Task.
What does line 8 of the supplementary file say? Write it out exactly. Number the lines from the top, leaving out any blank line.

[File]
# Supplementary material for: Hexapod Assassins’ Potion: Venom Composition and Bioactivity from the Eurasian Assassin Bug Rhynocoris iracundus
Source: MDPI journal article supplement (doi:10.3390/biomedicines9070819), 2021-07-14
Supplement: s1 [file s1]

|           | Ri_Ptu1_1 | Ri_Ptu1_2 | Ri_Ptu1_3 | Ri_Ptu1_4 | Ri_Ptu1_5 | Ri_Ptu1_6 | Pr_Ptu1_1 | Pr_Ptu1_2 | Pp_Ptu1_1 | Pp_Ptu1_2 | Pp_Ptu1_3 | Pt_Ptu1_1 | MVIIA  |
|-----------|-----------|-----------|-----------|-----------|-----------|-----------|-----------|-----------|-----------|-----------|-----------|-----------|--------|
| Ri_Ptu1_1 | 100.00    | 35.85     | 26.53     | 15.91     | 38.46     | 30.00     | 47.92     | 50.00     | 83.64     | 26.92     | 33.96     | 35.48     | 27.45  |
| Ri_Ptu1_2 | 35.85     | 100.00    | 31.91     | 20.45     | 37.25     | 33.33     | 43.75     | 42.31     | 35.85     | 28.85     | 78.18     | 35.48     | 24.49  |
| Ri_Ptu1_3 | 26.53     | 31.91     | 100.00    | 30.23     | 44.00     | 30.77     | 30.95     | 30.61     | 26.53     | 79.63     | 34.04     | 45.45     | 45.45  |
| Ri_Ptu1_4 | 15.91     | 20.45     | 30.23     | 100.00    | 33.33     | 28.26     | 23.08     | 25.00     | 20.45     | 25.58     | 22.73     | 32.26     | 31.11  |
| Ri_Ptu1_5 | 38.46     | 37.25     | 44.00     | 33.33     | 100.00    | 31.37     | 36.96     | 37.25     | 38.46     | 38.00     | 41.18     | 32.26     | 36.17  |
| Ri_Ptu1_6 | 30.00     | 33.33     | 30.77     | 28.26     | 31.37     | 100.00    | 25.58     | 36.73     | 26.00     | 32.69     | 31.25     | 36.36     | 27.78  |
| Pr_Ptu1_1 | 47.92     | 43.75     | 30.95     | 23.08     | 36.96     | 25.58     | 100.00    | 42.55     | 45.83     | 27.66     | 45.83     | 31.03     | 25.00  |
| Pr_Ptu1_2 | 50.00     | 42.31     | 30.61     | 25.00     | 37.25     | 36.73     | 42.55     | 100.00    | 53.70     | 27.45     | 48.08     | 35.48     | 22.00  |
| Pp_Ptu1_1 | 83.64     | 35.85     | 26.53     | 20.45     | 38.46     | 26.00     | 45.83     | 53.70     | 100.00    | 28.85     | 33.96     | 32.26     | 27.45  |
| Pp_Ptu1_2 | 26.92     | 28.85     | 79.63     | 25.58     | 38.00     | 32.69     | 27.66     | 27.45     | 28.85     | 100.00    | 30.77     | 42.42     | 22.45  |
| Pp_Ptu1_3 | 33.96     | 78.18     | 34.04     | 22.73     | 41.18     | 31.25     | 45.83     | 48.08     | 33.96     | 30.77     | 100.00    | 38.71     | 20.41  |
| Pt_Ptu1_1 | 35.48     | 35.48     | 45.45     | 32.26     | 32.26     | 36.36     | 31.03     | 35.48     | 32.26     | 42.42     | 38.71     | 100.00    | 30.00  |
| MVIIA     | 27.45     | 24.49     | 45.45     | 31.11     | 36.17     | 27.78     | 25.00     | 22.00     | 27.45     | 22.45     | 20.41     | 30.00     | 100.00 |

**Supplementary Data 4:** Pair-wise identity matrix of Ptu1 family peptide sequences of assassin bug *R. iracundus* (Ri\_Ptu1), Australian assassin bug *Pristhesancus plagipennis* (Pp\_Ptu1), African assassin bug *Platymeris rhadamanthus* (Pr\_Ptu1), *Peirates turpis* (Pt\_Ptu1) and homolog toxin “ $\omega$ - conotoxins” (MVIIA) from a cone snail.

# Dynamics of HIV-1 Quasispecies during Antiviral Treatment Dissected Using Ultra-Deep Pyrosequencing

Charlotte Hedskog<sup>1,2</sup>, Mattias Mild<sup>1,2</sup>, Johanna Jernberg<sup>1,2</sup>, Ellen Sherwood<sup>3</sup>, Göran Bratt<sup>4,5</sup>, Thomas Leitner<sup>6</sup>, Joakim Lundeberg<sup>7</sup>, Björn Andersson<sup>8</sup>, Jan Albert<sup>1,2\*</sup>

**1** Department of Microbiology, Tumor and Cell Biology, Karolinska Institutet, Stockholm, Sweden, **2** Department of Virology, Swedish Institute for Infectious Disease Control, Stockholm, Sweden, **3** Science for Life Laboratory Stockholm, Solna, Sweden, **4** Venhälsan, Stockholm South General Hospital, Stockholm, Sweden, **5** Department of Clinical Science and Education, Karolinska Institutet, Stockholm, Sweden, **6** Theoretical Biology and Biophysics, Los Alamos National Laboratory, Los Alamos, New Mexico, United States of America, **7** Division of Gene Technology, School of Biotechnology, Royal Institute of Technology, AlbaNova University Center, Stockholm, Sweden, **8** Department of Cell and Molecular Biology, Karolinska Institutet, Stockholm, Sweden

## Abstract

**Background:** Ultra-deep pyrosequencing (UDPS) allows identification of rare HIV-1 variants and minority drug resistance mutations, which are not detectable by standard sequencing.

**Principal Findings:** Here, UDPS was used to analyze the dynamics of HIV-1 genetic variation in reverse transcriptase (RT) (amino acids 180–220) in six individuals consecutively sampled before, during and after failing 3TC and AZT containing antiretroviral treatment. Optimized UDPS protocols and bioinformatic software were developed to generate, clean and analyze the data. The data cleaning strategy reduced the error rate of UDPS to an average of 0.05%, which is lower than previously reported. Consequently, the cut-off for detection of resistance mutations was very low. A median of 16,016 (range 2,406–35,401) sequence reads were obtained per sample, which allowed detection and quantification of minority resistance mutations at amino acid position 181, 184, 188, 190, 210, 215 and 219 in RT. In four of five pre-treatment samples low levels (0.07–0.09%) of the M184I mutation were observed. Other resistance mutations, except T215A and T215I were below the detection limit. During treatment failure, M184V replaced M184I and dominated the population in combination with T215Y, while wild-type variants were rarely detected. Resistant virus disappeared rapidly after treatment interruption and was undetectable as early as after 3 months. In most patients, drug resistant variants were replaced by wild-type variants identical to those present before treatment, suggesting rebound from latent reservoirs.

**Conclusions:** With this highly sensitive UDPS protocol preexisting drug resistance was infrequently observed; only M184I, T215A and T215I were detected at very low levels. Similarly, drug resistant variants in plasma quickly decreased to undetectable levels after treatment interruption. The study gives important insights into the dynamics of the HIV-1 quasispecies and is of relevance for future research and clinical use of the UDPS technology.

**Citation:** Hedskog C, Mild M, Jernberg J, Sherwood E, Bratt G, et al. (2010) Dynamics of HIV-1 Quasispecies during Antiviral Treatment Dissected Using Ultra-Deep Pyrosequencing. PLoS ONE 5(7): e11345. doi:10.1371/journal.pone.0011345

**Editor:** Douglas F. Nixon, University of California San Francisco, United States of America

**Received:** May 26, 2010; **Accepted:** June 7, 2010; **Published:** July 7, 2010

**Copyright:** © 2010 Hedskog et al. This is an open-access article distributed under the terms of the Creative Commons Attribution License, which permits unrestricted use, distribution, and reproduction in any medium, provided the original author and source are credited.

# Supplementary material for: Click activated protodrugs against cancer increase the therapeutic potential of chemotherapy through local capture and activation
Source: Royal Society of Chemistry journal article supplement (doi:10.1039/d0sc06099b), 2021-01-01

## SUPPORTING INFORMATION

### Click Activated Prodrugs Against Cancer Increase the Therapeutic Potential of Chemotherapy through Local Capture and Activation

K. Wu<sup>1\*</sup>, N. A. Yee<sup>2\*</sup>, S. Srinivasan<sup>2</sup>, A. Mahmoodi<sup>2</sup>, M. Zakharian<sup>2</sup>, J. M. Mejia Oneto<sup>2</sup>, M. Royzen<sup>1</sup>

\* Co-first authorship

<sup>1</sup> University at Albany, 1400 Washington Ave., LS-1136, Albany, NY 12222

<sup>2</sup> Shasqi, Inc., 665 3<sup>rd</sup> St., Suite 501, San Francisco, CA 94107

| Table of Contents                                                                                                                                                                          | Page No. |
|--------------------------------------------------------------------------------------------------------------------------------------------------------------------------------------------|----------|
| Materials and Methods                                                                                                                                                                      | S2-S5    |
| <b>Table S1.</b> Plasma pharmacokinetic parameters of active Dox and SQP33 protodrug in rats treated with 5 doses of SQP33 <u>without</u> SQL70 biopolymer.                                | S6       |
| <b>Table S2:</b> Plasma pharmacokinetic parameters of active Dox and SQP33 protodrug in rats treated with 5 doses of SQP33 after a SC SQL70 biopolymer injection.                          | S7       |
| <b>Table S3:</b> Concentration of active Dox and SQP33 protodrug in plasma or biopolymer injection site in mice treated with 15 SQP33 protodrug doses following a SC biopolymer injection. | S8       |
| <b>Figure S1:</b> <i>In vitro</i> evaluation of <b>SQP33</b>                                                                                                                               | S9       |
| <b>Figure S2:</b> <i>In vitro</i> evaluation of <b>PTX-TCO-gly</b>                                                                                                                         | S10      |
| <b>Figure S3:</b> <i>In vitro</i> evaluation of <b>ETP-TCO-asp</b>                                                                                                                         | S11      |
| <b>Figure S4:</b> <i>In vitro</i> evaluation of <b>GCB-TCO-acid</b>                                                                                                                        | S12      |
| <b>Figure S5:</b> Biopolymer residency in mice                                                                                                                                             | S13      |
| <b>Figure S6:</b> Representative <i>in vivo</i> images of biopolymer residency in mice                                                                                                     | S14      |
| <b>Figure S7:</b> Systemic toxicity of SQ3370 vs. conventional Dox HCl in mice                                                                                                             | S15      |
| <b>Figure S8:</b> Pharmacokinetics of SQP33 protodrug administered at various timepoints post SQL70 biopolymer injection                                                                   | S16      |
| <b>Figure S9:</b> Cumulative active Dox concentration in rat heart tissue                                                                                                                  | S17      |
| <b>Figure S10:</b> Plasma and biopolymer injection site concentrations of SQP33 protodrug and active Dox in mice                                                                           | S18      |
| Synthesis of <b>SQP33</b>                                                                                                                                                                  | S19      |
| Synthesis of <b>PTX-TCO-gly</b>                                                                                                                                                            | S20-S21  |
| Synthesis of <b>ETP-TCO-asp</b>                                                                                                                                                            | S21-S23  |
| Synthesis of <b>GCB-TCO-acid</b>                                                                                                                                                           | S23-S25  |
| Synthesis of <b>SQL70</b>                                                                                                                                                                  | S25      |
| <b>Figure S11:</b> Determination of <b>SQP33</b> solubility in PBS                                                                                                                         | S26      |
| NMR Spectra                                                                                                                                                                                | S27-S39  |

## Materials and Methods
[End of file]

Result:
| Ri_Ptu1_3 | 26.53     | 31.91     | 100.00    | 30.23     | 44.00     | 30.77     | 30.95     | 30.61     | 26.53     | 79.63     | 34.04     | 45.45     | 45.45  |